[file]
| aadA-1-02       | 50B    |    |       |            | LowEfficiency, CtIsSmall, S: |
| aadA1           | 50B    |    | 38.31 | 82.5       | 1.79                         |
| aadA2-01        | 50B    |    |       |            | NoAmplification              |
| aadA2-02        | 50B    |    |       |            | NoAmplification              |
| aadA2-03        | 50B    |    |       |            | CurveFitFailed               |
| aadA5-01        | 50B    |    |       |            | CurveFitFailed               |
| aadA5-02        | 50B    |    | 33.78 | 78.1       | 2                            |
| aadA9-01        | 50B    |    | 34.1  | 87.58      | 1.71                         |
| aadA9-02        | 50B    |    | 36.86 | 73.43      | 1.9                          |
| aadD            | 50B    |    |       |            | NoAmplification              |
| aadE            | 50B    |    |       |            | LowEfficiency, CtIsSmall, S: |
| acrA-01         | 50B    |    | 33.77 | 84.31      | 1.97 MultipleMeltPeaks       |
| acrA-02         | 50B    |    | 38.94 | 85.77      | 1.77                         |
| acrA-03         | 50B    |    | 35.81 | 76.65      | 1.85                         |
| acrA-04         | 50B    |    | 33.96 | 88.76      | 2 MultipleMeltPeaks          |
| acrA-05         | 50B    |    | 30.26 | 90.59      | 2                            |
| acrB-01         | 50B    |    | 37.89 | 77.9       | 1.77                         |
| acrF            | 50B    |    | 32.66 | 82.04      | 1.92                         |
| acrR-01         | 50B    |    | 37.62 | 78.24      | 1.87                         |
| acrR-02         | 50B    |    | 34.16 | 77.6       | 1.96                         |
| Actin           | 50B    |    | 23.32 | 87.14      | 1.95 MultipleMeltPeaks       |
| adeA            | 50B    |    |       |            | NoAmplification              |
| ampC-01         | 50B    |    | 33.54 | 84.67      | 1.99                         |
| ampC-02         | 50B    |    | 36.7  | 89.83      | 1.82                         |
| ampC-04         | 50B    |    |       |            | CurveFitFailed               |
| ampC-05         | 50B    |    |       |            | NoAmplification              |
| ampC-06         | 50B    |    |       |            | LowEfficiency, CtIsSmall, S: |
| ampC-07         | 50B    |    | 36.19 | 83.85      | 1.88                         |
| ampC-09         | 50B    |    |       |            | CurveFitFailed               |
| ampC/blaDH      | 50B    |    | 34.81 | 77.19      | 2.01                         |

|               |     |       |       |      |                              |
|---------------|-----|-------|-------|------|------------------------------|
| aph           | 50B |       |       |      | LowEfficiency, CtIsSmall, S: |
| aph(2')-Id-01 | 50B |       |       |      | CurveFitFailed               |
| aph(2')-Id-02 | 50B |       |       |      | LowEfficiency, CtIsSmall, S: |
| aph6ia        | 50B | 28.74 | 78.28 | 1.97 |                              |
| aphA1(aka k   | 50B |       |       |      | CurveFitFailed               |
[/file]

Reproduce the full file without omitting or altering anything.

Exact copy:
| aadA-1-02       | 50B    |    |       |            | LowEfficiency, CtIsSmall, S: |
| aadA1           | 50B    |    | 38.31 | 82.5       | 1.79                         |
| aadA2-01        | 50B    |    |       |            | NoAmplification              |
| aadA2-02        | 50B    |    |       |            | NoAmplification              |
| aadA2-03        | 50B    |    |       |            | CurveFitFailed               |
| aadA5-01        | 50B    |    |       |            | CurveFitFailed               |
| aadA5-02        | 50B    |    | 33.78 | 78.1       | 2                            |
| aadA9-01        | 50B    |    | 34.1  | 87.58      | 1.71                         |
| aadA9-02        | 50B    |    | 36.86 | 73.43      | 1.9                          |
| aadD            | 50B    |    |       |            | NoAmplification              |
| aadE            | 50B    |    |       |            | LowEfficiency, CtIsSmall, S: |
| acrA-01         | 50B    |    | 33.77 | 84.31      | 1.97 MultipleMeltPeaks       |
| acrA-02         | 50B    |    | 38.94 | 85.77      | 1.77                         |
| acrA-03         | 50B    |    | 35.81 | 76.65      | 1.85                         |
| acrA-04         | 50B    |    | 33.96 | 88.76      | 2 MultipleMeltPeaks          |
| acrA-05         | 50B    |    | 30.26 | 90.59      | 2                            |
| acrB-01         | 50B    |    | 37.89 | 77.9       | 1.77                         |
| acrF            | 50B    |    | 32.66 | 82.04      | 1.92                         |
| acrR-01         | 50B    |    | 37.62 | 78.24      | 1.87                         |
| acrR-02         | 50B    |    | 34.16 | 77.6       | 1.96                         |
| Actin           | 50B    |    | 23.32 | 87.14      | 1.95 MultipleMeltPeaks       |
| adeA            | 50B    |    |       |            | NoAmplification              |
| ampC-01         | 50B    |    | 33.54 | 84.67      | 1.99                         |
| ampC-02         | 50B    |    | 36.7  | 89.83      | 1.82                         |
| ampC-04         | 50B    |    |       |            | CurveFitFailed               |
| ampC-05         | 50B    |    |       |            | NoAmplification              |
| ampC-06         | 50B    |    |       |            | LowEfficiency, CtIsSmall, S: |
| ampC-07         | 50B    |    | 36.19 | 83.85      | 1.88                         |
| ampC-09         | 50B    |    |       |            | CurveFitFailed               |
| ampC/blaDH      | 50B    |    | 34.81 | 77.19      | 2.01                         |

|               |     |       |       |      |                              |
|---------------|-----|-------|-------|------|------------------------------|
| aph           | 50B |       |       |      | LowEfficiency, CtIsSmall, S: |
| aph(2')-Id-01 | 50B |       |       |      | CurveFitFailed               |
| aph(2')-Id-02 | 50B |       |       |      | LowEfficiency, CtIsSmall, S: |
| aph6ia        | 50B | 28.74 | 78.28 | 1.97 |                              |
| aphA1(aka k   | 50B |       |       |      | CurveFitFailed               |